The Care Quality Commission (CQC) launched a dedicated child protection inspection regime of health services in England.
Health visitors will be one of the services to have their child protection arrangements inspected by the CQC. Image: Mark Pinder
The two-year project will target health services in 110 council areas where CQC research has shown children are at greatest risk.
It will take into account child protection concerns highlighted in latest inspection reports, serious case review findings and the length of time since services were last inspected.
The areas that are likely to come under scrutiny first include the 20 authorities that have been judged to be failing by Ofsted over the past few years, including Birmingham, Doncaster and Sandwell.
The health watchdog will also target areas based on whistle-blowing information from NHS staff.
GP surgeries, health visiting, school nurses, hospital emergency departments, maternity units and mental health are among the services to be examined. According to a CQC statement, “the focus is on the child’s journey through this maze”.
The inspections will also focus on how well local health services are working together to safeguard children. A lack of information sharing and communication across services that support children is a key factor highlighted in serious case reviews and in Professor Eileen Munro’s 2011 review of child protection.
Inspectors will also consider how “safe, effective, caring, well-led and responsive to children’s needs” services are, the CQC statement adds.
A particular focus will be on how health services are supporting children in care.
Inspectors will also look at the quality of child protection training and the timeliness of referrals to services such as mental health and substance abuse.
A specific issue the CQC will examine in hospitals and other acute care settings is whether they have alert systems in place to identify and track children who are at risk of harm.
This latest move by the CQC comes ahead of plans in 2015 for a multi-agency inspection of child protection across health, social care, education and the justice system that will involve Ofsted, CQC, HMI Probation, HMI Prisons and HMI Constabulary. Ofsted is to launch a consultation on the move next year.
CQC head of operational improvement Sue McMillan, said: “CQC and other inspectorates are working together to start a joint inspection programme in 2015. In the meantime, we are continuing to follow up our responsibilities in making sure children using health services are safeguarded from abuse and that children in the care of local authorities have their health needs met.”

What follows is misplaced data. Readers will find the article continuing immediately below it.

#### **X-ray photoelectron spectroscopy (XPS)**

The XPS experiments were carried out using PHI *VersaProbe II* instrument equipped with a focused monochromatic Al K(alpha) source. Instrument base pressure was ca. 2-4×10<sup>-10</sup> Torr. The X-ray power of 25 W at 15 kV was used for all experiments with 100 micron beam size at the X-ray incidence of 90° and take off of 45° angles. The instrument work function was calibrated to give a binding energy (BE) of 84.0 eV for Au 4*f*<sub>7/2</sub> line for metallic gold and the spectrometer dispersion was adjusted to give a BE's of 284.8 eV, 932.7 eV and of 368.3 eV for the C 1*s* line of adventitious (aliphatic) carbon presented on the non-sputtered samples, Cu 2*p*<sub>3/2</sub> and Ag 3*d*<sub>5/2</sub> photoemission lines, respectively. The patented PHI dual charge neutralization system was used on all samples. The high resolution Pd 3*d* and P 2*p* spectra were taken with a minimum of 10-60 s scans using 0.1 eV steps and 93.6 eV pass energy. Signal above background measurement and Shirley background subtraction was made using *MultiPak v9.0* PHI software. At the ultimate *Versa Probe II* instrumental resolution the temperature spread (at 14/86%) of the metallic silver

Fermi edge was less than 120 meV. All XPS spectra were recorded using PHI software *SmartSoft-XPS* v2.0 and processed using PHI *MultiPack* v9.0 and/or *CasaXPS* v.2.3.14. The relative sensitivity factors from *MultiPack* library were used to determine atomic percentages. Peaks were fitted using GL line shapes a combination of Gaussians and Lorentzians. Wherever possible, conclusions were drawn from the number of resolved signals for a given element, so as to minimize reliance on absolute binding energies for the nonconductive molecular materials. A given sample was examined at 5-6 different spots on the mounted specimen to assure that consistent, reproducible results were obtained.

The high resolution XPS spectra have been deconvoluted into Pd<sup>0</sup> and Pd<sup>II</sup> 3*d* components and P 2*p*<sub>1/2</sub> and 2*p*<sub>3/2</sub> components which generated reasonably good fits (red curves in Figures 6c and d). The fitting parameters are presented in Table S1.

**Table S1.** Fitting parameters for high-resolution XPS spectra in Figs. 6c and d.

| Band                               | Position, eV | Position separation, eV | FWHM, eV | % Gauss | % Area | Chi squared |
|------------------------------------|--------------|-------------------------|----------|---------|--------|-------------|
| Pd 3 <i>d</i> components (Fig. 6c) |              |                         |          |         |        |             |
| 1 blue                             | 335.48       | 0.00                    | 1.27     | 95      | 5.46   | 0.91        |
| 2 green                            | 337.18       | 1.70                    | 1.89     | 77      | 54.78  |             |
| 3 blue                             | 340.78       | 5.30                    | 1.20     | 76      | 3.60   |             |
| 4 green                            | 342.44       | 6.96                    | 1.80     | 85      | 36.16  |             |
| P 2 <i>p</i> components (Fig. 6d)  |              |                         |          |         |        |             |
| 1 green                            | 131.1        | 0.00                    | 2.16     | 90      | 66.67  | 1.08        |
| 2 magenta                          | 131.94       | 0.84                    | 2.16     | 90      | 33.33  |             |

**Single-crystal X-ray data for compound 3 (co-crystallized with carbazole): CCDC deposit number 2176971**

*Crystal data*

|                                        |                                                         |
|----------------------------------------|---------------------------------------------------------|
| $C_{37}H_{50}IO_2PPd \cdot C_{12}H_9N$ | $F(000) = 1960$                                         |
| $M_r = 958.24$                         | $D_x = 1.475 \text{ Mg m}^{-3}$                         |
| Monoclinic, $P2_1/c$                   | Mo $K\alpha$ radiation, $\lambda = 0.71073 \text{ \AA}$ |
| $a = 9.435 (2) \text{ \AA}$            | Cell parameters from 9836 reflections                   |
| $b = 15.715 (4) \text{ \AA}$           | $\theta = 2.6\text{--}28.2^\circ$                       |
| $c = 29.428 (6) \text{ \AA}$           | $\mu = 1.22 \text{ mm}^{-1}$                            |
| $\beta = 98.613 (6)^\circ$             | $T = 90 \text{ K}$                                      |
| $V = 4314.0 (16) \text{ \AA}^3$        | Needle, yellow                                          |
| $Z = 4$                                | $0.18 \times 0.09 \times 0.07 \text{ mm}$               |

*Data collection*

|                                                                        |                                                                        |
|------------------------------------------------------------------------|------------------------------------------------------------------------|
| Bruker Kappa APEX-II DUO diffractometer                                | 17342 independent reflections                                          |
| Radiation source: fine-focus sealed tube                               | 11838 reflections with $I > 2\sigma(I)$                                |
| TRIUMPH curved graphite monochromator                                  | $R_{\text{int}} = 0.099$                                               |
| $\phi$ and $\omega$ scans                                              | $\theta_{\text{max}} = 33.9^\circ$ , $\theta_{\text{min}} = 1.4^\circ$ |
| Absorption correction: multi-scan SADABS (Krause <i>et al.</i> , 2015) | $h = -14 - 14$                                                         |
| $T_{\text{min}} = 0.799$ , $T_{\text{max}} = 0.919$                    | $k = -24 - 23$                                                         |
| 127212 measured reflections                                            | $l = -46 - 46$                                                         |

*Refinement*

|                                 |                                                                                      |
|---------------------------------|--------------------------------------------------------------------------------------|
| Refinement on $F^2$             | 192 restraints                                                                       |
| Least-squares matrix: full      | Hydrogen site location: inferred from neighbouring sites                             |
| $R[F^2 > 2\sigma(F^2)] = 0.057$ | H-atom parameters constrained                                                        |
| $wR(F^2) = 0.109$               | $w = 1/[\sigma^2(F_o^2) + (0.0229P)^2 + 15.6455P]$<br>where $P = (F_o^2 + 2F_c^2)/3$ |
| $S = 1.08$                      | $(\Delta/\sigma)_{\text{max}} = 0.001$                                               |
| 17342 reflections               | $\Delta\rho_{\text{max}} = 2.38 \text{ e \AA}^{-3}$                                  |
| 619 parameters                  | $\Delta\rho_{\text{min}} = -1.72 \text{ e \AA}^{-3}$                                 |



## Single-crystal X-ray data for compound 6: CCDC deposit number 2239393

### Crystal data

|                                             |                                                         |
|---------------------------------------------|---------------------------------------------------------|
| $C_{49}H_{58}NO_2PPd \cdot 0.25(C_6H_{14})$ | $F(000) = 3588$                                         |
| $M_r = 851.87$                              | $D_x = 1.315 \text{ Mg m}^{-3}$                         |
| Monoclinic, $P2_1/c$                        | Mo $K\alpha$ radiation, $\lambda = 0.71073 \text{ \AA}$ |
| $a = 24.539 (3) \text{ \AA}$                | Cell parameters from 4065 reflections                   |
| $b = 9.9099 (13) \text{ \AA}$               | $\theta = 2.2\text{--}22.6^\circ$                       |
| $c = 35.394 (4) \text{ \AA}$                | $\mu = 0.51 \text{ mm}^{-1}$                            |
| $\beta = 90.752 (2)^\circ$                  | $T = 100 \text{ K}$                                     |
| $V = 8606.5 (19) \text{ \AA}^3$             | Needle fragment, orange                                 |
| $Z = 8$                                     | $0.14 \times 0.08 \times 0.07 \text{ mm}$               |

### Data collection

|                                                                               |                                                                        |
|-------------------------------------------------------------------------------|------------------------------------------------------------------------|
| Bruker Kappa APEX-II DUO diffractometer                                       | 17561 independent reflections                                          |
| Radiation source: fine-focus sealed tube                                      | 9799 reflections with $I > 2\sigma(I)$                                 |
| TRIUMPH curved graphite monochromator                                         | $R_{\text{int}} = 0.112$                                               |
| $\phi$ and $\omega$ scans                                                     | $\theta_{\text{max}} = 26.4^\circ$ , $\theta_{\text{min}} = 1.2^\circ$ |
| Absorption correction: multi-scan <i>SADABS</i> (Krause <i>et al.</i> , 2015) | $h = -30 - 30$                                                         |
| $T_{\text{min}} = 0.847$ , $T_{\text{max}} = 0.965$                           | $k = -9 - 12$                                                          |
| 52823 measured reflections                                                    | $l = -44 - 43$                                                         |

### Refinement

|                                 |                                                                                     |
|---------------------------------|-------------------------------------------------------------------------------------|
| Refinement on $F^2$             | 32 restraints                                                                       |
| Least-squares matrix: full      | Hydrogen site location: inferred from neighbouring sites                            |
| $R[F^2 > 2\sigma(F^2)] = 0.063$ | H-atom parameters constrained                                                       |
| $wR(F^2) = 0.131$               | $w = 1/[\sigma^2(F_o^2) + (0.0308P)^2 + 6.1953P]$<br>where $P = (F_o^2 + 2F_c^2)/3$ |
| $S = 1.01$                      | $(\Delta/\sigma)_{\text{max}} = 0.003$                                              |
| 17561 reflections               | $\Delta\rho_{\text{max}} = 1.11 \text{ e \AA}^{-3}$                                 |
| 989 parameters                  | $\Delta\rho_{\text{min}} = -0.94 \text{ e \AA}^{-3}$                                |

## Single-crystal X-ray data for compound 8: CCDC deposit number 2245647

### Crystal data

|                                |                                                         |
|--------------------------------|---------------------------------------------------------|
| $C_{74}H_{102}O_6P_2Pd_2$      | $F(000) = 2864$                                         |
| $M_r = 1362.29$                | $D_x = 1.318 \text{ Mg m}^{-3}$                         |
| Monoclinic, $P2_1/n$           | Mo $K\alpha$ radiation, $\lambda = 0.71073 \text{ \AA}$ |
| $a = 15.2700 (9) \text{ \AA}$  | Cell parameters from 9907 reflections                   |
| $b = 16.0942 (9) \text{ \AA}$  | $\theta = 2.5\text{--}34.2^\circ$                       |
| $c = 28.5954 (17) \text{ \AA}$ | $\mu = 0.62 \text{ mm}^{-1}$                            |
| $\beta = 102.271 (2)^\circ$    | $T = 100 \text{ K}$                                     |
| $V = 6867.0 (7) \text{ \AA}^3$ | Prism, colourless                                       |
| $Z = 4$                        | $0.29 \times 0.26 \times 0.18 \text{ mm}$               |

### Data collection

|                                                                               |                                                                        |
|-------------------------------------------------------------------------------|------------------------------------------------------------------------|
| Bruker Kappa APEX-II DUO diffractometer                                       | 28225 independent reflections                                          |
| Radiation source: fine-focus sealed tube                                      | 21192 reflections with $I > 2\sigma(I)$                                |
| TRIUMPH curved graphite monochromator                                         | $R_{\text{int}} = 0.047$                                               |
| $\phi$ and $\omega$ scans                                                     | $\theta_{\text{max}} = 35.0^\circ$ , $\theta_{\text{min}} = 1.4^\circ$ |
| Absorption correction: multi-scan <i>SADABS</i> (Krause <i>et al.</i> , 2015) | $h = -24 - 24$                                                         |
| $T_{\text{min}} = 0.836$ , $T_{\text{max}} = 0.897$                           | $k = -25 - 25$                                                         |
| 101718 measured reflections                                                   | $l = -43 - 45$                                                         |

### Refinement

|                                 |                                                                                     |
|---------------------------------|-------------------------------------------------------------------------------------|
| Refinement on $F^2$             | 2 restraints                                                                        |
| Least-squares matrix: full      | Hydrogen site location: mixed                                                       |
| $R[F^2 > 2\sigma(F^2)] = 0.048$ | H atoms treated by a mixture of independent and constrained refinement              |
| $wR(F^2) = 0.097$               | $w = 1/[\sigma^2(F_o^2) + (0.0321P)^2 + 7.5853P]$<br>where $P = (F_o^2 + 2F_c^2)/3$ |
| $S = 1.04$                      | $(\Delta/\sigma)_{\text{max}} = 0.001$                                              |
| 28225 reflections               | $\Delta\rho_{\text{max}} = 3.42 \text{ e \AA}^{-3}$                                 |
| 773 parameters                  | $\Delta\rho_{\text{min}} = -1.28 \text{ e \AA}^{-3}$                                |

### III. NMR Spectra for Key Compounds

The CQC previously inspected child protection jointly with Ofsted.
Rather than an Ofsted-style rating, CQC inspectors will make recommendations for improvement that will require a response from the service. There will also be a national report at the end of the first and second years of inspections.
NHS Confederation director of policy Dr Johnny Marshall said: “We have sadly seen some of the worst consequences of children and young people’s services failing to join up around the individual. It is absolutely imperative that seamlessness between services improves, and this approach to inspection has the potential to shine light on gaps that have previously been harder to discern.
“One of the difficulties is that responsibility for commissioning children and young people’s services sits with eight different types of organisation. Every transition point poses an additional risk to service users getting a smooth experience. It is really important that the CQC’s new inspection programme considers not only each individual service but how well they knit together around the child or young person.”
The announcement comes just a day after Ofsted unveiled its new single inspection framework for local authority children’s social care services.
SOURCE: Children & Young People Now